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The CHILDREN of MEN by P.D. James March 19, 2007

Posted by a Wristfister in Books, Fiction, Suspense/Thriller.


Published by: Alfred A. Knopf, Inc. [1993], hardcover [first American edition], 241 pages

Reviewed by: Bowie

Synopsis: A near-future dystopian drama set in Great Britain where the human species has become infertile since 1995. Society is breaking down as mankind faces its inevitable extinction. Theodore Faron, an Oxford historian, tries to find solace by writing in his journal of the last days of men, but is suddenly thrust into the plans of a small group of dissidents that will forever change the path of his life.

Review: As with my previous book review, I wanted to read the novel before viewing the film adaptation. While PD James’ premise is very compelling, the book’s overall portrait of a dying human species is not as epic as I had initially hoped. The novel is divided into two parts, titled “Omega” and “Alpha”. The first [and better] half deals with Faron’s journal entries as we are introduced to a world where a militant-form of government has overtaken England, state-sanctioned mass suicides are organized, and a chilling fascination with plastic baby dolls has griped a portion of the female population. The narration flips somewhat disconcertingly between first-person (Faron’s journal entries) and third-person. Even given this constant shift in narrator, the author succeeds in painting a very sad and probable future. I was constantly reminded of the setting in Alan Moore’s V For Vendetta, where a fascist state has absolute [and corrupt] power. I would not go so far as to say that the author uses this book as her soapbox for political debate about the role of government, but much of the dialogue made me feel that the overall theme was more political than fictional. Protection, comfort, pleasure. In Faron’s world, those are the mandates of the tyrannical government. Justice, compassion, and love seem to be outdated now, ready to die just as the last human surely will. It is a fascinating contrivance that definitely caused more probing questions into the nature of human beings. And odd as it may sound, I enjoyed this depressing look at what humans may do in the face of extinction. Then the second half of the book began.

As much as the first half is a meditation on how humans would face diversity and death, the second half is about action and hope. It feels like a separate novel; one in which Faron is now transformed from an emotionless observer into a quasi-hero in a thriller that pits a small group of people against all society. Julian, the first woman to become pregnant in over twenty-five years must be whisked off to safety to give birth to her child away from the oppressing forces of the fascist dictator, the Warden of England. While not unreadable, I felt this second-half was rushed. Given another hundred pages, the author may have been able to flesh out the plot more, or maybe she simply did not know how to satisfactorily conclude such a far-reaching premise. She even notes with irony this situation by writing:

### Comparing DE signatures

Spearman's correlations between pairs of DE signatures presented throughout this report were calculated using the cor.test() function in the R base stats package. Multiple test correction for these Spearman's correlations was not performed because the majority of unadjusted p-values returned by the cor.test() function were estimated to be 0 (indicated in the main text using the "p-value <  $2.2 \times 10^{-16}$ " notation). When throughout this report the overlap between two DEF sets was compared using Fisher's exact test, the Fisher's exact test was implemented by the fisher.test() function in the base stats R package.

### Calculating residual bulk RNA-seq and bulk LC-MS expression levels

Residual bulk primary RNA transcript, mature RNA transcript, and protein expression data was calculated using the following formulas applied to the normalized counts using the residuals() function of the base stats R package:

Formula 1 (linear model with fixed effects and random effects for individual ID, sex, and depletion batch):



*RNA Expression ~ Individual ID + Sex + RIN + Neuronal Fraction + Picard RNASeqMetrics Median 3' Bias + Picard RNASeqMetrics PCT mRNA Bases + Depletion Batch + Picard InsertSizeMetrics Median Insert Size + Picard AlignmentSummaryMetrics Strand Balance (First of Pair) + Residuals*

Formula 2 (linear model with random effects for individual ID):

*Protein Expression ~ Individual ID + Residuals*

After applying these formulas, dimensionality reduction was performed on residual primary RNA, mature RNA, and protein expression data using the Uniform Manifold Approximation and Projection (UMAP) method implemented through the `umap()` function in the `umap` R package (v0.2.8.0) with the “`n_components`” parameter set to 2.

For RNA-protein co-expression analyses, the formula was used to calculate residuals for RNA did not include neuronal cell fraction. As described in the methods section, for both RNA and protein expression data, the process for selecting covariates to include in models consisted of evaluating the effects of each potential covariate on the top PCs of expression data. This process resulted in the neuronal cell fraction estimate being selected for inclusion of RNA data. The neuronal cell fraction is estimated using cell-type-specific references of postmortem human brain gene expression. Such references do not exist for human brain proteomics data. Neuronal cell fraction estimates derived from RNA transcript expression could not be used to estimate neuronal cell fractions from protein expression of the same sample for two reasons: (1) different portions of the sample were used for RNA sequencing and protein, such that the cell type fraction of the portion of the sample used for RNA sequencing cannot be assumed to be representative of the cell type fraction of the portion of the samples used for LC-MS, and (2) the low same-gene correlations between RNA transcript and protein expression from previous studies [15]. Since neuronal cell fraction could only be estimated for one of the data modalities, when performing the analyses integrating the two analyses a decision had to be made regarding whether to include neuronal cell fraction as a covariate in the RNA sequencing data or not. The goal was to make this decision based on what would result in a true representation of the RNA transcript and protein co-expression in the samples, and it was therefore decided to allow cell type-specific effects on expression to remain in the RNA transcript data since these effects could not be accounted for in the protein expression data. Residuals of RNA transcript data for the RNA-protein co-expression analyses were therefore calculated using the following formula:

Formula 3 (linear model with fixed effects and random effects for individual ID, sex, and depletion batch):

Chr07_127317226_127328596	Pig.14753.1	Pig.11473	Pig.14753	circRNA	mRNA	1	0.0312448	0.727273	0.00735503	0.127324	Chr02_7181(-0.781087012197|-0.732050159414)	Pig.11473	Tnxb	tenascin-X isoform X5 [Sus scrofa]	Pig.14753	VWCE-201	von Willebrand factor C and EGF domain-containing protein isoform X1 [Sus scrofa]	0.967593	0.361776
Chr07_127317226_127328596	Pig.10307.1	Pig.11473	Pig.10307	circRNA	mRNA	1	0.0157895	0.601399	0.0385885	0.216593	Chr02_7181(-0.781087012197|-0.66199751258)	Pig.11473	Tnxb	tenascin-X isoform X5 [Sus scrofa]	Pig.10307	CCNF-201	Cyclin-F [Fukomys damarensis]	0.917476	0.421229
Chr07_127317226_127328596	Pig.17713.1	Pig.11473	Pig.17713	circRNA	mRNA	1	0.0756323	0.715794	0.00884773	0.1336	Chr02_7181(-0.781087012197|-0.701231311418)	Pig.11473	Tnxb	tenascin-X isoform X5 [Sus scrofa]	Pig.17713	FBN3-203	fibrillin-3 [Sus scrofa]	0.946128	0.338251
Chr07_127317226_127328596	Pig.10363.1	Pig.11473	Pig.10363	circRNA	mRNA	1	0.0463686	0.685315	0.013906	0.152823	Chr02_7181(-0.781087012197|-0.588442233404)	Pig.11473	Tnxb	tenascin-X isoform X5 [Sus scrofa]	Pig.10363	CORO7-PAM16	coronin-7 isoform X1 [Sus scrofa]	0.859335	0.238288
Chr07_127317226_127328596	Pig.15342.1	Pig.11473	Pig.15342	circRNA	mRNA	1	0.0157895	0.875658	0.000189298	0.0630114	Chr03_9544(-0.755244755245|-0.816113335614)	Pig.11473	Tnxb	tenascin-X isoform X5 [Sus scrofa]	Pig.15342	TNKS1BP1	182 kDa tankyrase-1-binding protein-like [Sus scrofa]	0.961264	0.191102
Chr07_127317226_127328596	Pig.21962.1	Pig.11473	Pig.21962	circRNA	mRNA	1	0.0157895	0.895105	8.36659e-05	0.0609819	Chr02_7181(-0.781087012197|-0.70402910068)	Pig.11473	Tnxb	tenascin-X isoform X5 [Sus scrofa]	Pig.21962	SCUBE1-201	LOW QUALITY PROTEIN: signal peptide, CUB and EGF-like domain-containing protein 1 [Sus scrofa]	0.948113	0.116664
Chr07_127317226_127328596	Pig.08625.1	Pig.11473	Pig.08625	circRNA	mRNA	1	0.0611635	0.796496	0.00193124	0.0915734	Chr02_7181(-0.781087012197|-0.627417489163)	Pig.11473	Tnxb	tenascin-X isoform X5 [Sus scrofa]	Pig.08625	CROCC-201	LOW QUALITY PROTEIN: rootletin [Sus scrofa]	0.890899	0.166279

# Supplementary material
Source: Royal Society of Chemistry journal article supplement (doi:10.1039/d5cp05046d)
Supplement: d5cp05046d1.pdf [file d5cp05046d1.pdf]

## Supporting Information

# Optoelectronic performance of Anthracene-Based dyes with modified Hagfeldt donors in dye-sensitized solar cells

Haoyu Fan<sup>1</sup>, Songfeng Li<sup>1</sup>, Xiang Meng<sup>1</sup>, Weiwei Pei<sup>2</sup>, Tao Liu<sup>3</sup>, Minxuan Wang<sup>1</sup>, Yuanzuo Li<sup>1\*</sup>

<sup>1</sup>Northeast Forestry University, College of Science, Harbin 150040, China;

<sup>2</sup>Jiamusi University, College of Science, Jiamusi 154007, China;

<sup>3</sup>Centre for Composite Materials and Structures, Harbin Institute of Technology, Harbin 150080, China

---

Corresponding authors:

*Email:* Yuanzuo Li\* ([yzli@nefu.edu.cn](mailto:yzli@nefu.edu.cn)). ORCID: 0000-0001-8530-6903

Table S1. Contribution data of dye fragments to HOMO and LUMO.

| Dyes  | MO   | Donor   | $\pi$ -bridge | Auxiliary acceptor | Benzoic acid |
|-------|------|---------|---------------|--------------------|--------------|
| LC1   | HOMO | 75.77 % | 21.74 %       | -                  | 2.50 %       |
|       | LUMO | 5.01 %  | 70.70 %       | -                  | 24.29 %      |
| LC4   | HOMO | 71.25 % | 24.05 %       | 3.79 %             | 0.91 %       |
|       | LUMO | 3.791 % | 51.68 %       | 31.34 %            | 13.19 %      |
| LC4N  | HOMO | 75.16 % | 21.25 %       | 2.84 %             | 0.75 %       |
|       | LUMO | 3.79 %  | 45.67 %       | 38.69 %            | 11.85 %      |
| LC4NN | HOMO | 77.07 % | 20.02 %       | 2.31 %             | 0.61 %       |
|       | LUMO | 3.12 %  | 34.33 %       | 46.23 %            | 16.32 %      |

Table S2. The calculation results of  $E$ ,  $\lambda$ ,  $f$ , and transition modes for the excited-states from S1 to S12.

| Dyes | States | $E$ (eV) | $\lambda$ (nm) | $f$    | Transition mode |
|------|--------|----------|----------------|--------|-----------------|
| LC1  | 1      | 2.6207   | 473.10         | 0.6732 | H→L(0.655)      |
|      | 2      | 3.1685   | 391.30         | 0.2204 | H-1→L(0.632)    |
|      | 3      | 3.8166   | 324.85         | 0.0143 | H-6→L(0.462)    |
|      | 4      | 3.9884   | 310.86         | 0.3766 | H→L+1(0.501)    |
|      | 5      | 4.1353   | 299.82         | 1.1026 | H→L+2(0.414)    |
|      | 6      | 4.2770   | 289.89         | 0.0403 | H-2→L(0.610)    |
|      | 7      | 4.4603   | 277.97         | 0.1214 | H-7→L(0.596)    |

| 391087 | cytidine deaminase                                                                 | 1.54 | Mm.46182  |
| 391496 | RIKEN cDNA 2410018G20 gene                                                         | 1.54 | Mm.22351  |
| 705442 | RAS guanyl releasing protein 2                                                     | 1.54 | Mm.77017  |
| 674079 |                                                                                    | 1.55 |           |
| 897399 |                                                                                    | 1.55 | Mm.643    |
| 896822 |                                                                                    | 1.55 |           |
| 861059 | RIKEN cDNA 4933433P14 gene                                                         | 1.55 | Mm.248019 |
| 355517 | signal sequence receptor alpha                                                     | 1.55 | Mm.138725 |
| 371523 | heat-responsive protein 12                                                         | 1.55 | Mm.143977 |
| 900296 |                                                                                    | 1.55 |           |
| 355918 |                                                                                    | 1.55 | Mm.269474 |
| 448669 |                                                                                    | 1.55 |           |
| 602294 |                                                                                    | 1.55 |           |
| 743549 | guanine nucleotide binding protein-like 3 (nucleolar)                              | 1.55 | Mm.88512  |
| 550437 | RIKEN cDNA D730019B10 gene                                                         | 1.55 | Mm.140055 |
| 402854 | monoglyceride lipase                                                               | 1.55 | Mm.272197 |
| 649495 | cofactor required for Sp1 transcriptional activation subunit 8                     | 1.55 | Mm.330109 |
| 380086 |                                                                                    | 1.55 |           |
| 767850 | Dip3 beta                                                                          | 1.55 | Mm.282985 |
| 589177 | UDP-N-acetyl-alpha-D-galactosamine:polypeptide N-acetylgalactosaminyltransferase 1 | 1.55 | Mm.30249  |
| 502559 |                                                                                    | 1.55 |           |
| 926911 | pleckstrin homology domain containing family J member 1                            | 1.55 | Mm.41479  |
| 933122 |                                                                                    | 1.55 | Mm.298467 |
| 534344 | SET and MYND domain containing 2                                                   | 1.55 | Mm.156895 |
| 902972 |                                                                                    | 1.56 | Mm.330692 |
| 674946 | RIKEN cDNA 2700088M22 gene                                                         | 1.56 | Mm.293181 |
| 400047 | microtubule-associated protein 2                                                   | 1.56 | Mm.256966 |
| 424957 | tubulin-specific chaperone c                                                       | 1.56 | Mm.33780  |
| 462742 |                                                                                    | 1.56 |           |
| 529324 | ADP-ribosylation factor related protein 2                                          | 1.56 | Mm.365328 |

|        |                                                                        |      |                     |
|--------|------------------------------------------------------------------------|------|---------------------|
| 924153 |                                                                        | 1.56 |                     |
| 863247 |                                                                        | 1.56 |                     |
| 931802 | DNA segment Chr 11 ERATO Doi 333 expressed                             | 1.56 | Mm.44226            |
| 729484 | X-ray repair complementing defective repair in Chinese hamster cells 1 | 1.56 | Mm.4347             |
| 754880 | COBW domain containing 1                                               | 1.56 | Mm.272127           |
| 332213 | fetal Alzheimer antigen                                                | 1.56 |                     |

But the whole situation was one of paradox. Could ever aims and means have been so mismatched? Had there ever been an enterprise of such immense importance embarked upon by such frail and pathetically inadequate adventurers? But he [Faron] didn’t need to be one of them. Unarmed they couldn’t permanently hold him by force, and he had his car keys. He could get away…But if he did, Julian would die.

I came away regarding the second half as one that attempts to counter-balance the first half’s depression. For the second half is indeed more vivid. Faron, as a character, finally learns how to love. And perhaps that is the author’s answer; like that Beatles hit, all we need is love. Even love can conquer corrupt states and monstrous individuals. Love can spring forth from the most improbable of places and give reason to live on.

Overall, this book is a gloomy portrayal of human society, and while it doesn’t always add up to a credible alternative view of the future, it is adequately evocative. I look forward to seeing the film now.



1. Jason - March 20, 2007

I saw the movie. Good, but nothing special– granted, I may have been let down because of all the hype I had heard about it.

What I found most interesting is that the dichotomy of the first and second halves is present in the film, and was something I noticed.

and on that note,


2. Bowie - March 21, 2007

Hahahaaha….I assume you saw 300, Jason.

With Children of Men, I’ll just wait til it’s on DVD.

3. Yasmin - May 28, 2007

I havent seen the movie or read the book but I find the subject matter fascinating and Bowie, your review is beautifully written!

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